22 Apr 2015

New Zealand's unsung WW1 heroes

11:28 am on 22 April 2015

From the first days of fighting at Gallipoli, the New Zealand nurses who worked on hospital ships and in field hospitals were some of the First World War's unsung heroes.

New Zealand nurses on board SS Rotorua,  May 1916.

New Zealand nurses on board 'SS Rotorua', May 1916 Photo: Alexander Turnbull Library

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The first nurses to arrive off the coast of Gallipoli did so in August 1915, on board the hospital ship Maheno, while others were stationed at the hospitals in Egypt that received many of the wounded from Gallipoli.

The ship's arrival coincided with the bloodiest part of the eight-month long campaign.

The Maheno was requisitioned from the Union Steam Ship Company and refitted as a hospital ship at Port Chalmers in May 1915 before heading overseas.

It carried 14 nurses, along with doctors, orderlies and crew.

Gavin McLean, a historian at the Ministry for Culture and Heritage, wrote a history of hospital ships, The White Ships.

He said after news of the horrific casualty rate at Gallipoli reached home, urgent steps were taken to outfit the Maheno.

On arrival off Anzac Cove, the nurses quickly found themselves close to the action.

"Gallipoli was such a disaster. There was no separation between the front-line and the rear as on the Western Front. So the hospital ships were literally within gunfire and, in some cases, even the machine gunfire from the Turks."

Mr McLean said the Turks did observe the Geneva and Hague Conventions.

He said, while conditions on board for the nurses were good, they were a godsend for the wounded.

"You were within spitting or firing distance of the Turks all of the time, so to be able to get aboard a New Zealand steamship with New Zealand accents, with beds, with sheets and fresh bread - the men all talked about fresh bread and butter. Simple things that just were not available at Gallipoli."

Nurse and patients in NZ Stationary Hospital, Wisques, France

Nurse and patients in NZ Stationary Hospital, Wisques, France Photo: Alexander Turnbull Library

Anna Rogers wrote a history of New Zealand nurses at war in her book While You're Away.

She said nurses from this country were keen to serve overseas but there was an initial reluctance to call on their services.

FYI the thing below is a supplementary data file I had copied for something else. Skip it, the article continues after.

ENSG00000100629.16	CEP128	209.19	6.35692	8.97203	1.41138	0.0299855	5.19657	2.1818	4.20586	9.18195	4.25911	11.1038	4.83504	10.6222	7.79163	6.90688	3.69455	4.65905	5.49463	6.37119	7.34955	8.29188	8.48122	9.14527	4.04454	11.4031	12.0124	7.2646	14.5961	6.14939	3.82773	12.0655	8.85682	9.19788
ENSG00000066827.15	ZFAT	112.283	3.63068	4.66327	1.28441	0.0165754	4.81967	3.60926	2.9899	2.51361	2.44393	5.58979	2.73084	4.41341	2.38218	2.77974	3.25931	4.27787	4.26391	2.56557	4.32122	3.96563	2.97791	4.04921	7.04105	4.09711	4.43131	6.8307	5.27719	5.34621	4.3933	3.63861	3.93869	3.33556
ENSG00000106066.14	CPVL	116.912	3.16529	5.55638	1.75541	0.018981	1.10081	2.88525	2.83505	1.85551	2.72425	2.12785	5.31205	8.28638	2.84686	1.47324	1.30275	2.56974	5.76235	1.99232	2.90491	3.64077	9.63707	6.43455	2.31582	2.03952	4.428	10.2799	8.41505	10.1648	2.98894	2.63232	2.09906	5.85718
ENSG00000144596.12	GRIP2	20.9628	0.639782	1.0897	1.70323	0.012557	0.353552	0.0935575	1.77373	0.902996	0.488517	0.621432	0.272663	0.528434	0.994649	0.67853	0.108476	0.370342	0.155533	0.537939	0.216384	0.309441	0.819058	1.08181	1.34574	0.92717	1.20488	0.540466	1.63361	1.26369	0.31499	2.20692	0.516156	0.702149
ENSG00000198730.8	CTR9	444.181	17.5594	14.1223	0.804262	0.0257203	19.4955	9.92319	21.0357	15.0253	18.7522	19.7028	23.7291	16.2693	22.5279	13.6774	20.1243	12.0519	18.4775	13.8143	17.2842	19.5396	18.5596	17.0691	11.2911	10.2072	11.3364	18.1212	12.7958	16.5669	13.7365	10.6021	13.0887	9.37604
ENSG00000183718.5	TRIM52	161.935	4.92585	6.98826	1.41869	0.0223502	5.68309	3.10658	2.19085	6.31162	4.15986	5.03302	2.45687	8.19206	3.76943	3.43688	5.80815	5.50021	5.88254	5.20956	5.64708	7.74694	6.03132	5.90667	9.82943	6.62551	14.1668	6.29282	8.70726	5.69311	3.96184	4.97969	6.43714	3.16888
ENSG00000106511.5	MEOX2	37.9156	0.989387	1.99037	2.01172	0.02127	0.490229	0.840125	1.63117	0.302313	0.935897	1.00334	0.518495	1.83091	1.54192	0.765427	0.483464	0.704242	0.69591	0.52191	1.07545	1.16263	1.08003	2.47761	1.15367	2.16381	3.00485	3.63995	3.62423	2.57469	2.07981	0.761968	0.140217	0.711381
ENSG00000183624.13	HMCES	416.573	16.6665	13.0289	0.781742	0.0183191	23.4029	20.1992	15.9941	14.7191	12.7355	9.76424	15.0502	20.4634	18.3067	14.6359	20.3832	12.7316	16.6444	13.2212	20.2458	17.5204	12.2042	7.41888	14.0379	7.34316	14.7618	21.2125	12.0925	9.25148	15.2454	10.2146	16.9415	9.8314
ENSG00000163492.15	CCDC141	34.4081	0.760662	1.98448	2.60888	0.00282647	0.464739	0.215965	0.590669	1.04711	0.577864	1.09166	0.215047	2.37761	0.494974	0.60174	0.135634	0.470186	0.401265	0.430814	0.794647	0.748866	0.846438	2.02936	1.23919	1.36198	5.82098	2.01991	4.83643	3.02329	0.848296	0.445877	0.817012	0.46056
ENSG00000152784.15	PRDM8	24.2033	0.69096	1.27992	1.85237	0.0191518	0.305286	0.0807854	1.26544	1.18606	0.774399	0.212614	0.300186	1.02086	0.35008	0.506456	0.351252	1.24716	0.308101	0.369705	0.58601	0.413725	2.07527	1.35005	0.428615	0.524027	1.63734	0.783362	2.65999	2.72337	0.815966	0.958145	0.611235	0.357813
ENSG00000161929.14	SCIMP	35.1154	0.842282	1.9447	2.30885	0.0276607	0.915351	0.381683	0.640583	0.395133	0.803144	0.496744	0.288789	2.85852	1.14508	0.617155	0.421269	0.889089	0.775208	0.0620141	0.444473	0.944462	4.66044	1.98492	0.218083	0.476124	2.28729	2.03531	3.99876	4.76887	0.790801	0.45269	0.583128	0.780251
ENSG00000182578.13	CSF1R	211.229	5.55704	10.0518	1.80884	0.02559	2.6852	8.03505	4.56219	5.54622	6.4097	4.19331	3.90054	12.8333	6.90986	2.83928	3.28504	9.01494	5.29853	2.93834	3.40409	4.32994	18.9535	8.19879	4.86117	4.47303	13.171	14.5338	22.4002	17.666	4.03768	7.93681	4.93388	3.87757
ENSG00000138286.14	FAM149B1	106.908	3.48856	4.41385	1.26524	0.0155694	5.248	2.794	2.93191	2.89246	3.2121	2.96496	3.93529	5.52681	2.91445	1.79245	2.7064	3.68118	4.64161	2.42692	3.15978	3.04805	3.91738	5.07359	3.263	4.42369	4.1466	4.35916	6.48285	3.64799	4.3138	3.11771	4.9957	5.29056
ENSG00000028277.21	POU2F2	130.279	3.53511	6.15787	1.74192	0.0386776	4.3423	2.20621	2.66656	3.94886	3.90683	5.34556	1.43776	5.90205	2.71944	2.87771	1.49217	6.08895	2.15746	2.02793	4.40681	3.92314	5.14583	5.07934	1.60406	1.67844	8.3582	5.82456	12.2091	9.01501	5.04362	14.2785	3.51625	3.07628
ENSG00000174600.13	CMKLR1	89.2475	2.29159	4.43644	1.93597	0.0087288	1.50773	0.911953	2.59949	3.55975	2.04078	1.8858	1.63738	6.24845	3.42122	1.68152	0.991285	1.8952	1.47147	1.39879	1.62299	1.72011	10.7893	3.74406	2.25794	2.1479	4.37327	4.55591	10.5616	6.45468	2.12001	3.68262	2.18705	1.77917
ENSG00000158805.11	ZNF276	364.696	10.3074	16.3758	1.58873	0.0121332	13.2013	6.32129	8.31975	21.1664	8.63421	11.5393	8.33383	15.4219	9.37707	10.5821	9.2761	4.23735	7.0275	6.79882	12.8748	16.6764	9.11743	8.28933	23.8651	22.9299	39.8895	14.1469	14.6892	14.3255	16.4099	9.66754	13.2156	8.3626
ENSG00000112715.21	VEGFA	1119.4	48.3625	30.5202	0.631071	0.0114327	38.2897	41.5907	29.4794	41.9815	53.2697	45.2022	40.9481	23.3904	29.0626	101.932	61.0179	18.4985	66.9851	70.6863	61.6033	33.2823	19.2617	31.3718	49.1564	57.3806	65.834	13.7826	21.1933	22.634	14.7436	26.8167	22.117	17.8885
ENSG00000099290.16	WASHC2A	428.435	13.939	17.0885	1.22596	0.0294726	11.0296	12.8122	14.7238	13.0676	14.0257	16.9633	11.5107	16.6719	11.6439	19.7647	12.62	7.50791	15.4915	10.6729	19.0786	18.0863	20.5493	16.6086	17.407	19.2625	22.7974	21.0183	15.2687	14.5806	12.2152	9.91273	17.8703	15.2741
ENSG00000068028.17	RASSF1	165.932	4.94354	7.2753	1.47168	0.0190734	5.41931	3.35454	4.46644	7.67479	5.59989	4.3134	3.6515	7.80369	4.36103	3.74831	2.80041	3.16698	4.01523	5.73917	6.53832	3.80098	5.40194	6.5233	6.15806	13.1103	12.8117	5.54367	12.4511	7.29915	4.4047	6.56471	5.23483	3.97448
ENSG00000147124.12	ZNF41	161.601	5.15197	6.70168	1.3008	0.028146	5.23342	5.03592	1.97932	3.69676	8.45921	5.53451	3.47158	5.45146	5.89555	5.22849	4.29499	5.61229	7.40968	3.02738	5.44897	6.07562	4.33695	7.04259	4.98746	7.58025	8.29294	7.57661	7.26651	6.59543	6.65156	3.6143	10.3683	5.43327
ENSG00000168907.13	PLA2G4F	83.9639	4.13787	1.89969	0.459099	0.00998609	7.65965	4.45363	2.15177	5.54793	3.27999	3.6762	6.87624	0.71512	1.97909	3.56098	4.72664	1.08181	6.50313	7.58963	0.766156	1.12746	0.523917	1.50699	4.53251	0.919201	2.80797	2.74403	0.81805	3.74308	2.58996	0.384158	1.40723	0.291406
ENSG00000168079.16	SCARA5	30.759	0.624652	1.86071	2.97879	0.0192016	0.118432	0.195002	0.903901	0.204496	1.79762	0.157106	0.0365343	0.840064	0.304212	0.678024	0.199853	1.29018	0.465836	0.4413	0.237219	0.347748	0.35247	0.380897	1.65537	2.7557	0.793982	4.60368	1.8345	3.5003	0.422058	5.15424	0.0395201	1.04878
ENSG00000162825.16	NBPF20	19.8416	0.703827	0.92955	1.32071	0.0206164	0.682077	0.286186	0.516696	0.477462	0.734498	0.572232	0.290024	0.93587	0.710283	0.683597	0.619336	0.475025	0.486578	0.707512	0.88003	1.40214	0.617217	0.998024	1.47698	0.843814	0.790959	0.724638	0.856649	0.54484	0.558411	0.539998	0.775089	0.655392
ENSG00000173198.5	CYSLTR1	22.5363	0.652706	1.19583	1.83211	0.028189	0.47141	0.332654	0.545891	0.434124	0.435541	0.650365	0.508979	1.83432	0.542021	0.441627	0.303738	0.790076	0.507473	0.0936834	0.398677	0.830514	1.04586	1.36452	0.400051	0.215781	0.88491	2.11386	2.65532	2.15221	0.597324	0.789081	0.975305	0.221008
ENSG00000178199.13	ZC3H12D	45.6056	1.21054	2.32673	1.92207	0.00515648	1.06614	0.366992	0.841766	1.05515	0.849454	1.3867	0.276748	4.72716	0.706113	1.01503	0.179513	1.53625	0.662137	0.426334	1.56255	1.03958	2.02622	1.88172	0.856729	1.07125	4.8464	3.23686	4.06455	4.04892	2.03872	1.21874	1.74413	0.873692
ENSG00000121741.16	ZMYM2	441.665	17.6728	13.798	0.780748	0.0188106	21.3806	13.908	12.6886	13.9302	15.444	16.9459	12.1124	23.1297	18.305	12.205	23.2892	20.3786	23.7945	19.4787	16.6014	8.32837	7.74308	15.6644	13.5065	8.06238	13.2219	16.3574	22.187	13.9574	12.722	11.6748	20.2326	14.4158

"Britain had said that they didn't want any New Zealand nurses and they didn't need any and our government just followed the party line and, if that is what the Empire said, then that is what they would do.

"It took a while for them to work through that and to realise that actually we should be sending nurses from here particularly to nurse our own men."

The first New Zealand nurses to serve overseas were posted to Samoa in 1914, and the first nurses to serve under the command of the New Zealand Army Nursing Service were sent to Egypt in early April 1915.

Sheryl Kendall co-wrote (with David Corbett) A History of the Royal New Zealand Nursing Corps Boer War to the Present Day, which she is currently updating.

She said the nurses, both on land and at sea, worked long hours under very trying conditions.

New Zealand nurses on board HMHS Egypt.

New Zealand nurses on board 'HMHS Egypt' Photo: Alexander Turnbull Library

"The men were coming in, they were extremely dirty, filthy and many of them were infested with lice, which meant the nurses had to be extremely careful and they were rushing off every now and then to check themselves, to make sure that they didn't have any extra passengers."

The Maheno made a number of trips shuttling the wounded from Gallipoli to Lemnos, in Greece, and Alexandria, in Egypt.

Ms Kendall said the work on board would have been relentless.

"All wards would have had to be scrubbed clean. Fumigated and beds changed and dressings prepared ready for the next lot [patients] to come on, so there was very little time for any relaxation at all and it would have been pretty stressful, I would imagine."

Mr Rogers said the medical care given to the wounded was professional and up-to-date for the time.

"It would look barbaric to us, because of course there were no antibiotics and all of those sort of things that we take for granted, but in terms of being up-to-date for their day and well trained, there was no doubt about that."

In October 1916, 10 New Zealand nurses drowned after the transport ship they were on, the Marquette, was torpedoed in the Aegan Sea.

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